Today marked the first day of COP26 in Glasgow, Scotland and much of the time was spent queuing in line.
The day began with a Lateral Flow Diagnostic (LFD) test that we reported online to the National Institute of Health (NIH). Don’t get overwhelmed yet by acronyms, but what can you expect from an event that is an acronym―COP26 (Conference of Parties)? After a stroll through the rainy streets of Glasgow we arrived at the SEC (Scottish Event Campus) where we provided lots of documentation, queued up, and received our Blue Zone Badges, complimentary masks, hand sanitizer, and disinfectant wipes.
As we were processed through the system we met people from Scotland, France, and Argentina. After a long search for someone who could answer our questions we discovered that only 18 passes were available for the thousands of observers from NGOs (Non-Governmental Organizations) to attend the high level opening plenary discussions.
This was the beginning of understanding how different COP is during the time of COVID-19, and how important it is for those of us here to represent the voices of those who are not here.
The youth voice is an important voice that we are working to elevate. My fellow delegates will report more this week about this work. During our stroll through the hall today these voices were visually represented in a few displays. The youth in Climate Changemakers are asking for climate change education and for the leaders to listen to them.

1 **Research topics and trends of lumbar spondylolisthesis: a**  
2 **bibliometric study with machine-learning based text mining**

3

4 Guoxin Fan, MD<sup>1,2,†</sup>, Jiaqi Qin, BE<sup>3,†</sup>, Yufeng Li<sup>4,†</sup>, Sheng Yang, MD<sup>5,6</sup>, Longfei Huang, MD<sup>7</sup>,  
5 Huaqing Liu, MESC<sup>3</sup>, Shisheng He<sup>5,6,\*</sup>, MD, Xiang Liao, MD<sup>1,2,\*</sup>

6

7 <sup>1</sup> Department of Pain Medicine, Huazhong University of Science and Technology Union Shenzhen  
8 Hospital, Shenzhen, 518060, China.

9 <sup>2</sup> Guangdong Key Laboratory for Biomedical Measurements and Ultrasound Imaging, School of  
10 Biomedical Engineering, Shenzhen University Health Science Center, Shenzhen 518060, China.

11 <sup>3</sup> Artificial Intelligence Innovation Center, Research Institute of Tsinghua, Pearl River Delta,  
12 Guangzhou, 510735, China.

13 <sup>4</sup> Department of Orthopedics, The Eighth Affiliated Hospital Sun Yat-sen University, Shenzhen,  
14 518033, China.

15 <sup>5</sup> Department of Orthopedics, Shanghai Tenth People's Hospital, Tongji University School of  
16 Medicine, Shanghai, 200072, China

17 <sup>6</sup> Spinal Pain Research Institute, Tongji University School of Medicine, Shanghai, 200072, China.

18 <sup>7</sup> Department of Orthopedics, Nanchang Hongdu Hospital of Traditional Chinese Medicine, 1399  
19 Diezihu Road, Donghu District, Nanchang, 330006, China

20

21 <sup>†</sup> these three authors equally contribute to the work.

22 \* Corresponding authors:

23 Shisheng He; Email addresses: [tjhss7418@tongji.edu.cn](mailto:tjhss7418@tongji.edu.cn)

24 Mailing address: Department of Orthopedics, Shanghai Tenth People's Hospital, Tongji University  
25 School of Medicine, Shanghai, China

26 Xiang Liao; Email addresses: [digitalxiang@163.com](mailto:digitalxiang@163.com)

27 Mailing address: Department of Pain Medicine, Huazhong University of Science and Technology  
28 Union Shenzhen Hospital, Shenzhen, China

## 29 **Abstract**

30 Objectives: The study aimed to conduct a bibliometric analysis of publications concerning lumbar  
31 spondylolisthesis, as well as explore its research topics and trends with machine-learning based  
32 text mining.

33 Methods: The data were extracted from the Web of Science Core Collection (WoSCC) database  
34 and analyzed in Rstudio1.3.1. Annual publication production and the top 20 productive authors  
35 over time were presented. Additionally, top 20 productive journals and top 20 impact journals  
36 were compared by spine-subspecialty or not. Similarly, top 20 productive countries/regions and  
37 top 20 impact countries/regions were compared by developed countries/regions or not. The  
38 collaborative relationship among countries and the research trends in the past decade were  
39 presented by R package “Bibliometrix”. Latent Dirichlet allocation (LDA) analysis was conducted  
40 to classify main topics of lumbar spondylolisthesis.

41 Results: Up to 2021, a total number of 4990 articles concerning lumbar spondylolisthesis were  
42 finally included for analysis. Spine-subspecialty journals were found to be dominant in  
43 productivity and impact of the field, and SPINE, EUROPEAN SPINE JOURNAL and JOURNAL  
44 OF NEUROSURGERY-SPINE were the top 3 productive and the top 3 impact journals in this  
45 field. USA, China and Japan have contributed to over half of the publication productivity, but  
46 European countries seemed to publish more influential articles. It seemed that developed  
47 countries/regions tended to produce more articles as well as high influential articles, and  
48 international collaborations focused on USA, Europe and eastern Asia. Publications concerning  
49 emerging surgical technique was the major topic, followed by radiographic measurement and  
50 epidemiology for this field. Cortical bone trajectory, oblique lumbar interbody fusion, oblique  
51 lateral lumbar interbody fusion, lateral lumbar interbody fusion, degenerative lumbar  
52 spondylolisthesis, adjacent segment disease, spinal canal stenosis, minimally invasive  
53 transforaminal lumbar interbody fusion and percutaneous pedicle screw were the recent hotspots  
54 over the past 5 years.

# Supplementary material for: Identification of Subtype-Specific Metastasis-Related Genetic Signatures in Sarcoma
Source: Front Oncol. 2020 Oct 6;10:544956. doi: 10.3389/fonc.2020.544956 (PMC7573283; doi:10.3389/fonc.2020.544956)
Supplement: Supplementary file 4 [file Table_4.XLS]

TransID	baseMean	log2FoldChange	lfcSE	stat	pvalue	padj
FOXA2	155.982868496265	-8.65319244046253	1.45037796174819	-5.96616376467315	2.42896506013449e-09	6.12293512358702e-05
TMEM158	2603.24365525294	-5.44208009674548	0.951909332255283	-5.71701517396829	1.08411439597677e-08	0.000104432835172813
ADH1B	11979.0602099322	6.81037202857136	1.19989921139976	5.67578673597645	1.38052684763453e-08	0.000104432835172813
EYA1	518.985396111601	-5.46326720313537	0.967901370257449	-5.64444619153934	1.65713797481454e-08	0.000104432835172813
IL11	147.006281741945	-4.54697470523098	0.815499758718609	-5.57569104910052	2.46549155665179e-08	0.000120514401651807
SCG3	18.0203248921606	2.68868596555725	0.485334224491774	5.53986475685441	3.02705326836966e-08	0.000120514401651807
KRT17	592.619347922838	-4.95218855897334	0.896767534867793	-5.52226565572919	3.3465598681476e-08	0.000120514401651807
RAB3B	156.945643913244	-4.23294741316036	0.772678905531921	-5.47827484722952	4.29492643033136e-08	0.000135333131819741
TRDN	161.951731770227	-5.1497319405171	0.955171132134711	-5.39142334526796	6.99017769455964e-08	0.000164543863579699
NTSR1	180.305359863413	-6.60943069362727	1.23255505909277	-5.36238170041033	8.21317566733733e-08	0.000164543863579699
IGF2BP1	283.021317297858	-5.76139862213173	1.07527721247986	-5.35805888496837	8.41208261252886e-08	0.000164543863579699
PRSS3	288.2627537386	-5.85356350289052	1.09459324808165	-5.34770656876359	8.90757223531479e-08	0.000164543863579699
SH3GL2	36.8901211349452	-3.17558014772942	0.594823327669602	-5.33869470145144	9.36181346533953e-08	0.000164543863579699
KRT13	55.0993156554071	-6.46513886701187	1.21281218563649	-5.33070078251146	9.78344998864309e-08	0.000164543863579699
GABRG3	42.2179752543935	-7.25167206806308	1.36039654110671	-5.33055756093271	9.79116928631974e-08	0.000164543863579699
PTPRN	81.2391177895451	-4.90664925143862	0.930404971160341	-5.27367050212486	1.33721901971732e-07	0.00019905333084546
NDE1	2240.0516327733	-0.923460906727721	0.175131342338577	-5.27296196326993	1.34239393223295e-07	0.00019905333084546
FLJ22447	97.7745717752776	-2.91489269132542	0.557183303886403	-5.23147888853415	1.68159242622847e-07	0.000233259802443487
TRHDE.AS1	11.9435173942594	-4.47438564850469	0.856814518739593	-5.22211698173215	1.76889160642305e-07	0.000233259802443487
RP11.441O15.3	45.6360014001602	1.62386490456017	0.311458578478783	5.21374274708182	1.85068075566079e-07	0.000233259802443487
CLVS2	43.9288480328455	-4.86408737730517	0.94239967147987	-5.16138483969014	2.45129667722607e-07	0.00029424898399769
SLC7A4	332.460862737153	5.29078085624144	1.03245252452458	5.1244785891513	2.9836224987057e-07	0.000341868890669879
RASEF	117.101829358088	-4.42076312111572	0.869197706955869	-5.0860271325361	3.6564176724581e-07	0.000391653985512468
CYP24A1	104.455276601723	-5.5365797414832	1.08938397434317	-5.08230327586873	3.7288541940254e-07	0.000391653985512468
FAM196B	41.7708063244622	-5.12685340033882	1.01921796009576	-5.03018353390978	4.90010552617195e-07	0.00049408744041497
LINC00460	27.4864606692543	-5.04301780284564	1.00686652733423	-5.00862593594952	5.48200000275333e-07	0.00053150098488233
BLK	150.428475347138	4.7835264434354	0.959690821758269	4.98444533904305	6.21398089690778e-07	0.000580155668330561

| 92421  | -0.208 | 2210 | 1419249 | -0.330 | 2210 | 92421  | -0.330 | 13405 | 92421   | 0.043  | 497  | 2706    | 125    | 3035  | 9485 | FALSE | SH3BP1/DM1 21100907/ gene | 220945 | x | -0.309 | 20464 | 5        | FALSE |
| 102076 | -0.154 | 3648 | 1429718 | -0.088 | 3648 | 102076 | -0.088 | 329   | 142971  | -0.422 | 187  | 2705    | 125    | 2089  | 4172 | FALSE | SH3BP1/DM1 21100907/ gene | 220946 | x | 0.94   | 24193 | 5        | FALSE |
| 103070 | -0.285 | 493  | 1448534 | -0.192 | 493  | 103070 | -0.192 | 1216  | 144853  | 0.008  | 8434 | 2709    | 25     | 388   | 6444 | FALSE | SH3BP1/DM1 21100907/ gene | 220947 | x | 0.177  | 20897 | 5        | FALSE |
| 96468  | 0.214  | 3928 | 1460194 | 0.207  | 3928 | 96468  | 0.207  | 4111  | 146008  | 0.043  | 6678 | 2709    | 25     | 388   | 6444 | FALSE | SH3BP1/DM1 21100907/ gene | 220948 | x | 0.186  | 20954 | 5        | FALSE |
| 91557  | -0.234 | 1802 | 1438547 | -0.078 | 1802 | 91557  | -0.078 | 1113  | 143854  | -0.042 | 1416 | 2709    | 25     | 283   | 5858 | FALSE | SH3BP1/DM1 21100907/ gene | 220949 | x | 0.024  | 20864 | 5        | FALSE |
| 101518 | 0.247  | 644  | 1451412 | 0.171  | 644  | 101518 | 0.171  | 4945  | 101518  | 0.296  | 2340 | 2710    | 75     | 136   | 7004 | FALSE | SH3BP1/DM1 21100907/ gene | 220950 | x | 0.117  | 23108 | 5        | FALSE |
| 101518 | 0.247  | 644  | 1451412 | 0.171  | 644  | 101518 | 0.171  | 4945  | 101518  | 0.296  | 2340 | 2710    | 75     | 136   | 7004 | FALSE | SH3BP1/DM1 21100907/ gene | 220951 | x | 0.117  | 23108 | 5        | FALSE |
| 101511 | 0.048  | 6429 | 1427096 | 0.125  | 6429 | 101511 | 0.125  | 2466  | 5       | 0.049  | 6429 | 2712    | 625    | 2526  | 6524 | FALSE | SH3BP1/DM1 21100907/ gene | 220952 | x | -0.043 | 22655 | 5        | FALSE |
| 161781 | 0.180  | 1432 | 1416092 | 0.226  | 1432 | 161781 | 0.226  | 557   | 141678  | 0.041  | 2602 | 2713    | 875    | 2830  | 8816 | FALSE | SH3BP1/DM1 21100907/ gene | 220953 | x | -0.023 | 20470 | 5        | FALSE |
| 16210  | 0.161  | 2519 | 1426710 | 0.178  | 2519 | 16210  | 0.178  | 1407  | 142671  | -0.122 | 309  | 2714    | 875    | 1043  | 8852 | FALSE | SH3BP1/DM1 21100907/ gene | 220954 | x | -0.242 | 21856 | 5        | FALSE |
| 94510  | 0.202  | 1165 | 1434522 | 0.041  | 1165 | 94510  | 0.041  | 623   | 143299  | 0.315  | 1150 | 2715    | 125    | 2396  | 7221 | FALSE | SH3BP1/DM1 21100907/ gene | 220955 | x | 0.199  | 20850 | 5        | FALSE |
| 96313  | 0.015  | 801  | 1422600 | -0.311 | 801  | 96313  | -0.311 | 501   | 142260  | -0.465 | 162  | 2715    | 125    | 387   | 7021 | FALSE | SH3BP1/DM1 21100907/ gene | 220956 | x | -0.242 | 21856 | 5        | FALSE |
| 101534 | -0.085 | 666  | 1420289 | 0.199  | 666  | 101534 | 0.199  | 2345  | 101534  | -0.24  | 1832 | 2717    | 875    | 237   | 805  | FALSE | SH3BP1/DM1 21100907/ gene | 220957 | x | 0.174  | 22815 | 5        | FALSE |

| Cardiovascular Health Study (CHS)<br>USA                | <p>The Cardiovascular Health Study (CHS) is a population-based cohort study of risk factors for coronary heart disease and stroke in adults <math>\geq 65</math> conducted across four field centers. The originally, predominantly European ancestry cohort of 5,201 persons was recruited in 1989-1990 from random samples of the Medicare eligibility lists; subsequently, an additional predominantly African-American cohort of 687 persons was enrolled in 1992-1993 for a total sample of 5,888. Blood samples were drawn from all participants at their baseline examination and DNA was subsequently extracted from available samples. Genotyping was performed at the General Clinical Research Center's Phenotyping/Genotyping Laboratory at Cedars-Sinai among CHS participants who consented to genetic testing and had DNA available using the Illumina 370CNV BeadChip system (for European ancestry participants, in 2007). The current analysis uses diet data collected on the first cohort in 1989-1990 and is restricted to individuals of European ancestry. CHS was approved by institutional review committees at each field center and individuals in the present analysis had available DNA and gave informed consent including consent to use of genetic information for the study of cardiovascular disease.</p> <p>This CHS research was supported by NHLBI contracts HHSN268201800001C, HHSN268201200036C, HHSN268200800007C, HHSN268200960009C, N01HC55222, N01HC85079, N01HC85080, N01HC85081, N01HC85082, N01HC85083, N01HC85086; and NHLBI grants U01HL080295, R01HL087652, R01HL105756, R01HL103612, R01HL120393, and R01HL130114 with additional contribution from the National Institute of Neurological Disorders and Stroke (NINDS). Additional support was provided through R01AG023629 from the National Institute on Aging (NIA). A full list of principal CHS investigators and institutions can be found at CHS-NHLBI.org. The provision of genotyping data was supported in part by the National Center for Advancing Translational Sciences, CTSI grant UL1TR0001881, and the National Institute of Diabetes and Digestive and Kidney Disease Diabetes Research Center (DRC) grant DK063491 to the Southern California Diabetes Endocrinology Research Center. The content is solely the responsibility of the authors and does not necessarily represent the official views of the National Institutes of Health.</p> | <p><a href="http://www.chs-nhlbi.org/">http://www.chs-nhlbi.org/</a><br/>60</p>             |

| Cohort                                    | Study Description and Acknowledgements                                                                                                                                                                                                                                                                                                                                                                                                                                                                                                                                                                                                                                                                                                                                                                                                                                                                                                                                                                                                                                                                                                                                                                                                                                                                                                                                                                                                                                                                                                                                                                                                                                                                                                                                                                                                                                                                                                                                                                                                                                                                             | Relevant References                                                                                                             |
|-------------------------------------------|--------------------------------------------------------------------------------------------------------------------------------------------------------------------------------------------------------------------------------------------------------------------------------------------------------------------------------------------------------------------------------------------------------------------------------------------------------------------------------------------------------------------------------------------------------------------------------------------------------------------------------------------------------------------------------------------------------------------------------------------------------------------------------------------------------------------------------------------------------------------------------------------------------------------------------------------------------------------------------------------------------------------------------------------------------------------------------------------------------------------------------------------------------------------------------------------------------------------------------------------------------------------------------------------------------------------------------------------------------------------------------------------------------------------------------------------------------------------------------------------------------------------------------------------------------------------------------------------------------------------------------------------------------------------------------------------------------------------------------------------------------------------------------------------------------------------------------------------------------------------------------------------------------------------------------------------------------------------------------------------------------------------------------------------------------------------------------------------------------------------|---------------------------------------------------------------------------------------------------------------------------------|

Similarly the youth in the Forest of Promises are asking for action from policy makers while committing to actions of their own.
With COVID-19 vaccine inequity many representatives of the Global South were not able to attend this year. In the afternoon, we attended an event, The Era of Injustice is Over, provided by the COP26 Coalition. The urgency of action resonated through the many speakers. Asad Remen urged that the conference should not be about the 4 C’s: Cash, Cars, Canopies and Coal, but rather the 3 T’s: Targets, Trillions, and Transformation. Young activist, Lauren McDonald, who recently called out Shell Oil and the UK government for moving forward on the Cambo Oilfield, stressed that we cannot allow new fossil fuel development to move forward if we hope to reach those targets. She stressed that “hope” is a verb and our actions and voices can enable that hope. Kevin from Kenya asked us to help represent the voices of the MAPA (Most Affected People and Areas) especially those from the Global South. A contingency of indigenous representatives from many countries were welcomed with song and a Gaelic ceremony.
There is a lot to accomplish in the next two weeks, and we will do everything we can to represent all the missing voices.
Betsy Wilkening is the Education Outreach Coordinator at Arizona Project WET – University of Arizona, President of Polar Educators International, and a member of Climate Generation’s Window into COP26 Delegation this November. Betsy’s hispanic roots run deep in the Sonoran Desert, and as members of her community are disproportionately affected by extreme heat, persistent drought and extreme storm events, she is passionate about empowering all to take action to build a more resilient community. Learn more about Betsy and subscribe to follow her experience at COP26.